HB 001; General Appropriations Act; enacted 1997

The budget includes $32 million ($7 milion in 1998 and $25 million in 1999) for reading academies—“schools-within-schools” that focus on reading. Also created was the Read to Succeed program for early diagnosis of reading problems in kindergarten through second grade. Read to Succeed will be funded through the sale of special automobile license plates.

HB 107; enacted 6/97

Establishes Texas Education Code 28.006 for reading diagnosis. Among other requirements, the commissioner shall develop recommendations for school districts for administering reading instruments to diagnose student reading proficiency; for training educators in administering the reading instruments; and for applying the results of the instruments to the instructional program. Also, the commissioner is required to adopt a list of diagnostic student reading instruments for which schools may use state funds. Each school district shall administer, at the kindergarten through second- grade-levels, one of these reading instruments.


HB 067: Student Assessments of Reading Proficiency; enacted 3/97

Provides for an assessment of emerging and early reading skills of children entering kindergarten and the first grade; provides that school districts make available material to parents to assist in helping their children to master emerging reading skills and early reading skills.

HB 8; enacted 3/99

Appropriates $250,000 to community-based literacy efforts, $150,000 to volunteer training, and $100,000 to the Read to Me education campaign. Governor Leavitt had proposed $10 million for his literacy initiative, including a plan for mandatory extra classroom time for children not reading up to grade-level. Lawmakers passed a revised package.

HB 312; enacted 3/99

Commits $5.2 million to local school districts to develop personalized instruction plans for readers in first through third grades.


HB 527; enacted 6/97

Requires the State Board of Education, in collaboration with the Agency of Human Services, to develop a plan for services for early education to ensure that all children will read by the end of third grade and directs public schools to offer early reading instruction as well as intervention when necessary.


HB 4001; Appropriations for Virginia Reading Recovery Program; enacted 1998

Appropriates $141,581 to the Virginia Reading Recovery Program. The Virginia Reading Recovery Program was enacted in 1994 for those students identified at risk for reading failure in elementary schools. The purpose is to develop strategies that promote reading and independent learning skills, and better equip teachers to provide reading instruction. The funding is for the 1998-2000 biennium.

HB 1859; Remedial Instructional Programs; enacted 4/97

Requires students who do not pass the literacy tests to obtain the Literacy Passport to participate in summer school or after-school remediation programs; requires School Boards to establish remediation program standards committees, consisting of administrators, teachers, parents, and the community at large.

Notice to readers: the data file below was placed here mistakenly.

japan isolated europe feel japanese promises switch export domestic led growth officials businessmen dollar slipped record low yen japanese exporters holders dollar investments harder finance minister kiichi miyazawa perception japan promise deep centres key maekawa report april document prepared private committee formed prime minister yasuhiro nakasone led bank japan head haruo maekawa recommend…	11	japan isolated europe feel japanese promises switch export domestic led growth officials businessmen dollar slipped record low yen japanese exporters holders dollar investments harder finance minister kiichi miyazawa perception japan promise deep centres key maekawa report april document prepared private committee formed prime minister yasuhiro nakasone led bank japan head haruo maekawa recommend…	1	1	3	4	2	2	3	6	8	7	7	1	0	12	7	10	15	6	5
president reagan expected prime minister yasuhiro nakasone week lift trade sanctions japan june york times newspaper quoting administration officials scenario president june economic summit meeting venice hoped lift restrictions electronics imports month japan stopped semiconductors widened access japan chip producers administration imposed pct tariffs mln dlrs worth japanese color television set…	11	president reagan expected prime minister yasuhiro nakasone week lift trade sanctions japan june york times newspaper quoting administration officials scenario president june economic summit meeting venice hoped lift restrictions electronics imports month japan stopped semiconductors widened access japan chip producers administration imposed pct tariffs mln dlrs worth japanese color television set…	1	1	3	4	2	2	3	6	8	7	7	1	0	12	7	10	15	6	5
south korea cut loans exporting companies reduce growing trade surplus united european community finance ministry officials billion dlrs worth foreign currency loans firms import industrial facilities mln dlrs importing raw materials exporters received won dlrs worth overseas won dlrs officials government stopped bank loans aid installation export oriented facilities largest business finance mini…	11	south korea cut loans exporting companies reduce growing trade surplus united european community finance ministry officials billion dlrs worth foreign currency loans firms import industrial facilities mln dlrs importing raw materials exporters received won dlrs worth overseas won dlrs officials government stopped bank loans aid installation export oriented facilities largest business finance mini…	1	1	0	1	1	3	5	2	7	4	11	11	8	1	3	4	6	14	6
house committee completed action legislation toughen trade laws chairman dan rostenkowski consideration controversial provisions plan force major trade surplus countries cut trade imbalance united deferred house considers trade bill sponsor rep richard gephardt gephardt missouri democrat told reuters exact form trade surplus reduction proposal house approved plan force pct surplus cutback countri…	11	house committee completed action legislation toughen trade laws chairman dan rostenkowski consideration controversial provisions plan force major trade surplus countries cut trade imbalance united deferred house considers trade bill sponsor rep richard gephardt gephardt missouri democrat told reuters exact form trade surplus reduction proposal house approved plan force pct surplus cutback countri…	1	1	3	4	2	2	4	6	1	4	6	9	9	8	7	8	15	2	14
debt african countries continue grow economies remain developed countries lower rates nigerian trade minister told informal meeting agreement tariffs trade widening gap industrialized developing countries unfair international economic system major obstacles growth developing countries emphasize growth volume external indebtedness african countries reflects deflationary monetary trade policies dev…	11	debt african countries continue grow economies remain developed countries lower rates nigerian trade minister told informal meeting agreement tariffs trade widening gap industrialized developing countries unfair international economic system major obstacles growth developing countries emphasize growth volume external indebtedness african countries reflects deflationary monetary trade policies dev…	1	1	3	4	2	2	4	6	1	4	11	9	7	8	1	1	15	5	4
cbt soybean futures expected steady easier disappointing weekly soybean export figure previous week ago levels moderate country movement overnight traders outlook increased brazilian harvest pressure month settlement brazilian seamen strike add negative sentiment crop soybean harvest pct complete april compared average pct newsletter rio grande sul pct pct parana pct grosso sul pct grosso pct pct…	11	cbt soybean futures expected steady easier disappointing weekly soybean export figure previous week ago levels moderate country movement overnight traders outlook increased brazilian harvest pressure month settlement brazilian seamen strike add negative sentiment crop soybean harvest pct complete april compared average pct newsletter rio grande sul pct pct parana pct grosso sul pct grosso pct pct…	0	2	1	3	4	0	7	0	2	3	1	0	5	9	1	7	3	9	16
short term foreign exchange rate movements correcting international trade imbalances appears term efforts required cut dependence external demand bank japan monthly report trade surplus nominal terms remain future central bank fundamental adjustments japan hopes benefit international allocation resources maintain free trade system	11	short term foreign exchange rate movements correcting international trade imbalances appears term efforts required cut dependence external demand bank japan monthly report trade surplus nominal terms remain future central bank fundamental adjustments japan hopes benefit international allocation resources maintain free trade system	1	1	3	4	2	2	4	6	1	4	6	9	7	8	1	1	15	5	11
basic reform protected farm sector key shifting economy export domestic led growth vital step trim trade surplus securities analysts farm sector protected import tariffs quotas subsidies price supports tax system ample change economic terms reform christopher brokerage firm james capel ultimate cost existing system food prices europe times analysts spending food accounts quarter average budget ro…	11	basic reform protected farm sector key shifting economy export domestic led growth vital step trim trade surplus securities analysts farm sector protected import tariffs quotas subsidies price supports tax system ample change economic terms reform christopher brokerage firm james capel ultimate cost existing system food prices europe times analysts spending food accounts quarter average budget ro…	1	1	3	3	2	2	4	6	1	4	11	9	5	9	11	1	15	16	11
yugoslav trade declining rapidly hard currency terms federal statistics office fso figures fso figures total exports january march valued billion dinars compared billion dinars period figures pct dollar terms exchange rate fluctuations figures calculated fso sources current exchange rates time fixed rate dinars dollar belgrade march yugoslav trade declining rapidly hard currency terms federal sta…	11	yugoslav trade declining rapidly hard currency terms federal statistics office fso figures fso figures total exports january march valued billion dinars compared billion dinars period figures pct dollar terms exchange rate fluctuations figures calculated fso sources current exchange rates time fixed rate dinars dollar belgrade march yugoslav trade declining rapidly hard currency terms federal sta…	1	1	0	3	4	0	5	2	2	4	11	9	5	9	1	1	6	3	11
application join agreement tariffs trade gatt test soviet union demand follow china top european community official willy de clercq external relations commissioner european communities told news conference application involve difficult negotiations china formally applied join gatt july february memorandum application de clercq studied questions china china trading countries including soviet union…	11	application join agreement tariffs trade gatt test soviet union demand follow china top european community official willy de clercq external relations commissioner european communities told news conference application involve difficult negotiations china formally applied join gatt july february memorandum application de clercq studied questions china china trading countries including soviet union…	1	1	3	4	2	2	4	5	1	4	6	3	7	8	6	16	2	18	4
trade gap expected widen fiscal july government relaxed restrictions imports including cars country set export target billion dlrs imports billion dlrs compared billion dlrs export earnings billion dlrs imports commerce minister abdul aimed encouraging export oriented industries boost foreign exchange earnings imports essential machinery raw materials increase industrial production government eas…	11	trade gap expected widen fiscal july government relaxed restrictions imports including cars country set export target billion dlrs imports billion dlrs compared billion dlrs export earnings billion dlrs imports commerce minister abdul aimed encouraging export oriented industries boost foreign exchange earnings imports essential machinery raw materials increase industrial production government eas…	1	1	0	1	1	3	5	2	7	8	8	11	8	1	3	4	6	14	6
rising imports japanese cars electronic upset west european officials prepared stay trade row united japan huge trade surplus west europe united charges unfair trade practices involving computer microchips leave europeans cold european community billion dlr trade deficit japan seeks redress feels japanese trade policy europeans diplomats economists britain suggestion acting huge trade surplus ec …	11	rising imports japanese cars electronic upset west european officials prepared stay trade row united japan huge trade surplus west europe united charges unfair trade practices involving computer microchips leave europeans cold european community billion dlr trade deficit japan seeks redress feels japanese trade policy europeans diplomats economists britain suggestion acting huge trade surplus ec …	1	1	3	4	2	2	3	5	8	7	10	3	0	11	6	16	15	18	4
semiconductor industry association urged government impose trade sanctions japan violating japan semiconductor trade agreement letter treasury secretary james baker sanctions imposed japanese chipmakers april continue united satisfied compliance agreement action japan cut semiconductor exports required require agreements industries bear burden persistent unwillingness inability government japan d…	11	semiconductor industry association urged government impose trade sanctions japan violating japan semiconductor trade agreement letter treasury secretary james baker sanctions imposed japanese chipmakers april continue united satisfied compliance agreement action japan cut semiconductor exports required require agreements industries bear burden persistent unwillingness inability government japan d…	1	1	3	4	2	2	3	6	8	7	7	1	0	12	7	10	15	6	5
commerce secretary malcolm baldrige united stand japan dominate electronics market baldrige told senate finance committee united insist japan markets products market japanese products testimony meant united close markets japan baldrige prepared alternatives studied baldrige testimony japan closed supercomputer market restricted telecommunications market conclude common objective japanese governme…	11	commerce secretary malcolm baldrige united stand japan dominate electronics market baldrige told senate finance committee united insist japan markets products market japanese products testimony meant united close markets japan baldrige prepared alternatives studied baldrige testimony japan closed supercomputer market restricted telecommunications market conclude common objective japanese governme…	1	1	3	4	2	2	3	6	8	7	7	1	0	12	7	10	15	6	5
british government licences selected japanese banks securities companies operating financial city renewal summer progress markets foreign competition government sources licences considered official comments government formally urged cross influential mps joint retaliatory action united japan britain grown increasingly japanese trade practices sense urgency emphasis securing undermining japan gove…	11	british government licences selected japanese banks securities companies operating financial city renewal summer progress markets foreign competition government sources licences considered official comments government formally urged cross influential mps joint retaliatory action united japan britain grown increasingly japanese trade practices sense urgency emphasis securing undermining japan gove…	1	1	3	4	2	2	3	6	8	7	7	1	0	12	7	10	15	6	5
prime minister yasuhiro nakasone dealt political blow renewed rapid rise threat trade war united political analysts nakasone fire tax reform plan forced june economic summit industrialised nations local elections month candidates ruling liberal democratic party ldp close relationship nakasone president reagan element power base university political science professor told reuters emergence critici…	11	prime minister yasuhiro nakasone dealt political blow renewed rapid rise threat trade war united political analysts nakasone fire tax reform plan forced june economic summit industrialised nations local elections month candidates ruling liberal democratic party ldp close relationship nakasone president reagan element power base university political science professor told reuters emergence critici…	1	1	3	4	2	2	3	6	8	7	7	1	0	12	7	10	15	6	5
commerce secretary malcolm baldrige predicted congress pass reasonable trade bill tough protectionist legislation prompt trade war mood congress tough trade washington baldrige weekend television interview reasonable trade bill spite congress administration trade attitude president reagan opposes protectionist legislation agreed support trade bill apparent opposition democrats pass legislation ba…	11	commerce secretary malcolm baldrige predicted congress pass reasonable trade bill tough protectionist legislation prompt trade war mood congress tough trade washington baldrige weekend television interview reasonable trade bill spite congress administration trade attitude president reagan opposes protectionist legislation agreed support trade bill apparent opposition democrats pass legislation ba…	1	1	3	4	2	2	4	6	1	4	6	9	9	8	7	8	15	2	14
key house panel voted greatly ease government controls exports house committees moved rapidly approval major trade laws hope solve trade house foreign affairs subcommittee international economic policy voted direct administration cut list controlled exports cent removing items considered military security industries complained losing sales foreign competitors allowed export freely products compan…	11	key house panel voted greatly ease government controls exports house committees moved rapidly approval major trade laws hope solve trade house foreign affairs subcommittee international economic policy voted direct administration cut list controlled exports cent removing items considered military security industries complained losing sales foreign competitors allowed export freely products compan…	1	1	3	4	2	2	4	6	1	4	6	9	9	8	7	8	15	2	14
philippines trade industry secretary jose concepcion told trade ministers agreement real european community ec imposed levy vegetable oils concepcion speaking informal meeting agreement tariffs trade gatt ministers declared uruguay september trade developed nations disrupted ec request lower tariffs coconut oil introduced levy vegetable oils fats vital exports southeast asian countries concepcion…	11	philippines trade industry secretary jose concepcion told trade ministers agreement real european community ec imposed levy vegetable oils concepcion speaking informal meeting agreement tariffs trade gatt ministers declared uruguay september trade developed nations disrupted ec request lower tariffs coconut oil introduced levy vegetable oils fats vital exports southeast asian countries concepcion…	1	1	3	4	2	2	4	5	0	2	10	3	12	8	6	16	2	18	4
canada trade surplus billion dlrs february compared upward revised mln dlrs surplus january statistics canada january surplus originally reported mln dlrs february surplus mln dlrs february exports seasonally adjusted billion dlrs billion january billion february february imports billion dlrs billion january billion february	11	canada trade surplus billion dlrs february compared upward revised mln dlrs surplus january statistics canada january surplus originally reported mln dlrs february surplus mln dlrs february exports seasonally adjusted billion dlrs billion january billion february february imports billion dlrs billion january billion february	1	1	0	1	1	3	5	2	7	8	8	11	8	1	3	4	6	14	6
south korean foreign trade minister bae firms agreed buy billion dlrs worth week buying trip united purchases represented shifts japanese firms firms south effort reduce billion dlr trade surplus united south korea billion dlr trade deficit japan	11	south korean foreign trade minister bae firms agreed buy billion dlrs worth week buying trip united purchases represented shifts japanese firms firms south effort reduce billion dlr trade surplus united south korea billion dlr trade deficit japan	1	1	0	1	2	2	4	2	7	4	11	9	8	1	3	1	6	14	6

SB 558; Reading Incentive Grants; enacted 3/98

Establishes the Reading Incentive Grants Program and Fund, to be administered by the Board of Education; incentive grants would be awarded on a competitive basis to public schools demonstrating low pupil academic performance and be used to support successful reading programs, including but not limited to, the Virginia Reading Recovery Program.

HB 426; enacted 5/98

Allows school boards to employ reading specialists for each elementary school; provides that funding for such programs will be apportioned as given in the appropriation act.


HB 2909; Effective Reading Programs for Elementary Students; enacted 3/96

Directs the Ccenter for the Improvement of Student Learning, or its designee, to develop and implement a process for identifying programs that have been proven to be effective using scientifically valid research in teaching elementary students to read.

SB 2849; enacted in 1998

Focuses on raising reading scores by requiring school boards to set three-year improvement goals for kindergarten through third grade reading. Plans are mandated by 12/15/98, with frequent reports to parents and the media.

SB 6509; Reading Instruction Training Act; enacted in 1998

Provides funds for additional reading instruction opportunities that use tutors in the summer, during breaks, and during school hours. Provides funds for professional development and instructional material for beginning (kindergarten through second-grade) reading programs. Allows schools to apply for staff development, instructional material, and tutoring funds, with priority given to schools with low-scoring students.

SB 5180; enacted 5/99

Appropriates $8,000,000 in FY 2000 and $8,000,000 in FY 2001 for the existing Washington Reading Corps, a volunteer tutoring program.

West Virginia

HB 4306; WV Reads; enacted in 1998

Based on the recommendations of the State Commission on Educational Quality and Equity, establishes a new reading grant program: WV READS (Reading Excellence Accelerates Deserving Students). WV READS specifically targets kindergarten through fourth-grade students who do not perform at a grade-level by prioritizing schools with low test scores. County boards, or a community partner with the county board, are responsible for submitting the grant application, which will be used to fund both summer schools and intensive reading instruction during the regular school year.